Wednesday, June 15, 2016
Digital disruption, automation to shake up traditional jobs, report warns
Digital disruption has the potential to threaten 40 percent of jobs over the next ten to 15 years as automation and machine learning shake up the economy, according to a Productivity Commission report out today.
In research entitled "Digital Disruption: What do governments need to do?", the Commission warns governments and regulators need to prepare for changing times as "disruption" moves beyond Uber and Air BnB.
Productivity Commission chairman Peter Harris says developing disruptive technologies of machine intelligence and automation will gradually change economies.
I spoke with Productivity Commission chairman Peter Harris on The World Today
"There's little doubt that in some sectors there will be dislocation of labour and dislocation of capital. It's not just a cost to employees, it will be a cost to certain businesses as well," Mr Harris told The World Today.
"Things like 3D printing are going to have an impact. Right now it's more of a niche product but over time, you're going to see this applied to manufacturing."
However, Mr Harris says despite a new world of hyper-connected technology and big data, some of the early fears about humans being replaced by machines are overstated.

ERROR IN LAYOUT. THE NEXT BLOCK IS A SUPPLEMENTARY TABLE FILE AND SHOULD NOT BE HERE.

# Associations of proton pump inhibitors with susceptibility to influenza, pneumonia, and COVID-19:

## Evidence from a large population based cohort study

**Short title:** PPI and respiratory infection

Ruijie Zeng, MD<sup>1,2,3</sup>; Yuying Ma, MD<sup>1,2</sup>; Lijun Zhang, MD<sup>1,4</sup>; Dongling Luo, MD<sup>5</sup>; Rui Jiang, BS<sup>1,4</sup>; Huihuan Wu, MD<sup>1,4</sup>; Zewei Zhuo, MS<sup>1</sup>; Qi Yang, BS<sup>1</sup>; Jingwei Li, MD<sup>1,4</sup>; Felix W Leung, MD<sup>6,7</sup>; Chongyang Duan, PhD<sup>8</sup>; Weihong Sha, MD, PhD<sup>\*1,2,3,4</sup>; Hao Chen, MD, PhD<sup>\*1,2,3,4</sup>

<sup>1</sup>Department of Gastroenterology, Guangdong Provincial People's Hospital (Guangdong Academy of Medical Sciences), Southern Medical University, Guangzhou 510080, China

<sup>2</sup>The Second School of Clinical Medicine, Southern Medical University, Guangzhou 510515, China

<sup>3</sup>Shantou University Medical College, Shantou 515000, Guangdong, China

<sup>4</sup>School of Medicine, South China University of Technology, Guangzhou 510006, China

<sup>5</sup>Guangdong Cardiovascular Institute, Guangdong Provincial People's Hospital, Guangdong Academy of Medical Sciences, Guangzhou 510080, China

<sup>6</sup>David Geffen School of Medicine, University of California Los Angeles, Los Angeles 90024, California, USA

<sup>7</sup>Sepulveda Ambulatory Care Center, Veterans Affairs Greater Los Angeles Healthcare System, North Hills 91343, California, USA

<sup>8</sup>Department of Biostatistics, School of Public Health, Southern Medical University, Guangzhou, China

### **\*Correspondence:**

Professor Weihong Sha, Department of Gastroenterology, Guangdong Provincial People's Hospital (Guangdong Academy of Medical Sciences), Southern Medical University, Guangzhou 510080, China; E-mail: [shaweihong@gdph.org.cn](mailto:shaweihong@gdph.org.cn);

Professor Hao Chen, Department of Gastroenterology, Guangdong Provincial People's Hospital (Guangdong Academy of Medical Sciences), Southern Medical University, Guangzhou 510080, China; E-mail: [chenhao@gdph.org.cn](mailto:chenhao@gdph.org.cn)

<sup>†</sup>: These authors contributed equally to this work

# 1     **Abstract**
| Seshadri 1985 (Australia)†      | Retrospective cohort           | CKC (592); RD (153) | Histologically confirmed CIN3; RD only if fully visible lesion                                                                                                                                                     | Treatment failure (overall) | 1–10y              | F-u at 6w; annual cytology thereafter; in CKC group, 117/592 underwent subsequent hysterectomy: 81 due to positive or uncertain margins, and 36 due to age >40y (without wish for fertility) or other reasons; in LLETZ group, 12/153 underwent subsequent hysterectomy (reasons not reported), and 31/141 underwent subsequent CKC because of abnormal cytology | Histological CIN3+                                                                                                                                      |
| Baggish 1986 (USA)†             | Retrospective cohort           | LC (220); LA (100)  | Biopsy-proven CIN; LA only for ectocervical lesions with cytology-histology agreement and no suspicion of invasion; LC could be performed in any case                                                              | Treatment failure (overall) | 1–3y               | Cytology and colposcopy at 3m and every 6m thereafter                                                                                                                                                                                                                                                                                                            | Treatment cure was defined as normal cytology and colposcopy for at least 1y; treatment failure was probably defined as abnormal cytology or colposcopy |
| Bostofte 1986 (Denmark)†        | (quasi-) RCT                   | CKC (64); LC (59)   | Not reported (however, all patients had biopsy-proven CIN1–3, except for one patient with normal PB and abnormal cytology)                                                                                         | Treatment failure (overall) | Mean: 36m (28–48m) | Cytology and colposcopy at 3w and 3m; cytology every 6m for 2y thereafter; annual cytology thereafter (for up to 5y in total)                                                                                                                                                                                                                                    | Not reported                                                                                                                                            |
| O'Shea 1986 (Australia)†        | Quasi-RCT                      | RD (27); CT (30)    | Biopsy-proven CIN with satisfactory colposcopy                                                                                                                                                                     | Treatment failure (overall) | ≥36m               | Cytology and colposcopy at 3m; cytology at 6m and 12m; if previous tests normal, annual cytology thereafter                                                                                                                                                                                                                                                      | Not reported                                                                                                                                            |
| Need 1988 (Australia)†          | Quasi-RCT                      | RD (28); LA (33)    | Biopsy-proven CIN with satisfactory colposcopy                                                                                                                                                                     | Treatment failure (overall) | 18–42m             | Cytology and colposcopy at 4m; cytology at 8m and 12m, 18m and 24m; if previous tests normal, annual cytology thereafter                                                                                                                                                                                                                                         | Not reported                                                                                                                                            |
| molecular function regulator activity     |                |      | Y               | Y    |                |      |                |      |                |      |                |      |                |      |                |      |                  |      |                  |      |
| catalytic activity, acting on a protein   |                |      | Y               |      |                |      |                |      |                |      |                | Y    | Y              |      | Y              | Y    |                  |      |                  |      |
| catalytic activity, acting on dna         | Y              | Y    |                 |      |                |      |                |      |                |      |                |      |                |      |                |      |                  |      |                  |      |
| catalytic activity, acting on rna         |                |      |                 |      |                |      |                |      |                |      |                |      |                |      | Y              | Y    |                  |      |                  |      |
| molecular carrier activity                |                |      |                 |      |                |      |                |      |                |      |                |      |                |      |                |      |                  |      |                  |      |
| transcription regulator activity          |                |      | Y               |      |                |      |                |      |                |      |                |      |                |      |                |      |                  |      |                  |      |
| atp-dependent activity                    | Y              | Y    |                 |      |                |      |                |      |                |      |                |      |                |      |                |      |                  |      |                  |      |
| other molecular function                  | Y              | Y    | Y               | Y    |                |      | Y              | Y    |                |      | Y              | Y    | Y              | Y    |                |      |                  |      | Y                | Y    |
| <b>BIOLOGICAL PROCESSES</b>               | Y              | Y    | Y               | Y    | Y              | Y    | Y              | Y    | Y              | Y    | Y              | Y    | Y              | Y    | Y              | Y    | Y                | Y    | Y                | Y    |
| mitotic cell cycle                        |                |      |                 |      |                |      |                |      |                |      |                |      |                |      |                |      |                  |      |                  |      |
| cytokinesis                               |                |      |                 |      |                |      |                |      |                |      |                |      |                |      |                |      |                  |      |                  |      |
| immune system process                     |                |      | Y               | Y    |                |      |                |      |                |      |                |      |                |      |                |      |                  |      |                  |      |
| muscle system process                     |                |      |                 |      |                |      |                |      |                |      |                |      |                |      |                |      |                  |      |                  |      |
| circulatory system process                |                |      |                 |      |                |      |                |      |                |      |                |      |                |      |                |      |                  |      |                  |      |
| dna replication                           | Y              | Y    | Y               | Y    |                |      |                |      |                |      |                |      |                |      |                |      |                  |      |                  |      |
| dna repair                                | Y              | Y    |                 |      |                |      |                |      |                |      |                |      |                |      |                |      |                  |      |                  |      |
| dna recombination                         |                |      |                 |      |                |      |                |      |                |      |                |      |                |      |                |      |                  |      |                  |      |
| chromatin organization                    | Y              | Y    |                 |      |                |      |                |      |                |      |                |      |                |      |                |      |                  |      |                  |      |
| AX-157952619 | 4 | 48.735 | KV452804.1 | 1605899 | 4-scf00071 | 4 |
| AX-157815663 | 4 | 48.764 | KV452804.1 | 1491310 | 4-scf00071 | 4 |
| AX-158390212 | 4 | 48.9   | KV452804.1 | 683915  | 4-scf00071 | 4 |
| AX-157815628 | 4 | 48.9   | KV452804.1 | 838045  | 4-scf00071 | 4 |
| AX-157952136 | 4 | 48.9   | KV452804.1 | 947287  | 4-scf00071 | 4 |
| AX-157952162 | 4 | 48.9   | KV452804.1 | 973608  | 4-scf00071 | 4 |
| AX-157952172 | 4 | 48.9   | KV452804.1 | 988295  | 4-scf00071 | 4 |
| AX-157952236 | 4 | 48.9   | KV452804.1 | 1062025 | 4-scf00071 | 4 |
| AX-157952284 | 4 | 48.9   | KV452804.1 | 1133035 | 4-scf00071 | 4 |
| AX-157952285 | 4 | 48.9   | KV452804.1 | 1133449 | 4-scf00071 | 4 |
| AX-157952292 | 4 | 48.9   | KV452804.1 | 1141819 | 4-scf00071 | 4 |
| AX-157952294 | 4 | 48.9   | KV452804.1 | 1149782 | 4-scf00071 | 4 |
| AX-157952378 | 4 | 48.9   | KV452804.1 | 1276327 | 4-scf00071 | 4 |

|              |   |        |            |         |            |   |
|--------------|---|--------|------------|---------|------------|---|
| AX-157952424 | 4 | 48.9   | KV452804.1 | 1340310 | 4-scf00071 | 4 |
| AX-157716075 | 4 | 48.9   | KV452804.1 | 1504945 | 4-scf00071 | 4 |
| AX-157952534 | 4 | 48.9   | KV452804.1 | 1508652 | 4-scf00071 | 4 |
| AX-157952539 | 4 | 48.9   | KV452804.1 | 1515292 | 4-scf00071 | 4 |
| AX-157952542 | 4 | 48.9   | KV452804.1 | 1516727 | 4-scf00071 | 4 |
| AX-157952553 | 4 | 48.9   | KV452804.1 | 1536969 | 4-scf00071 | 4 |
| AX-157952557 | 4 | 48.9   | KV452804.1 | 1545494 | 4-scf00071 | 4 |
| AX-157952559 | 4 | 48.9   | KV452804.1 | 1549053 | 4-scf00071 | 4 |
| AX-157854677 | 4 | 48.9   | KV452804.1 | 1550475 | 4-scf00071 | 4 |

"The majority of jobs in our economies today are services kind of jobs and that requires some form of human interface. So simply saying that we have automated or can automate something doesn't mean to say it will be readily acceptable to consumers," Mr Harris said.
"You can't necessarily imagine that a doctor will be replaced by a robot to whom you will speak and get an analysis."
While smart technology will inevitably replace humans, especially in manufacturing, the Productivity Commission says Australia's social safety net, including a strong Medicare, could be critical.
"We do have an important social safety net and maintaining that will be essential for the purposes of people who will have their lives disrupted as a consequence of this," Mr Harris said.
The era of digital disuption will also be a challenge for governments and regulators but the report recommends that new companies and businesses should not be given a heavy handed approach.
Peter Harris warns against regulatory models that use inflexible "black letter law" that is based on the time the legislation is written.
"Giving regulators the power to offer temporary periods of holiday from a regulatory impact to allow an idea to unfold while ensuring consumers are protected," Mr Harris said.
"That sort of initiative and flexible thinking is tremendously important for governments if they're going to allow creative ideas to unfold and to deliver benefits not just for consumers but for employees and investors in the future."
But Mr Harris takes a wry view on how disruption will change lives, reflecting on the 1960s cartoon series The Jetsons.
"No, not quite Jetsons yet although we do have our video phones," Mr Harris said.
"George communicating with Jane is now possible today. But rocket jetpacks - I'm afraid I'm still waiting for mine to be delivered."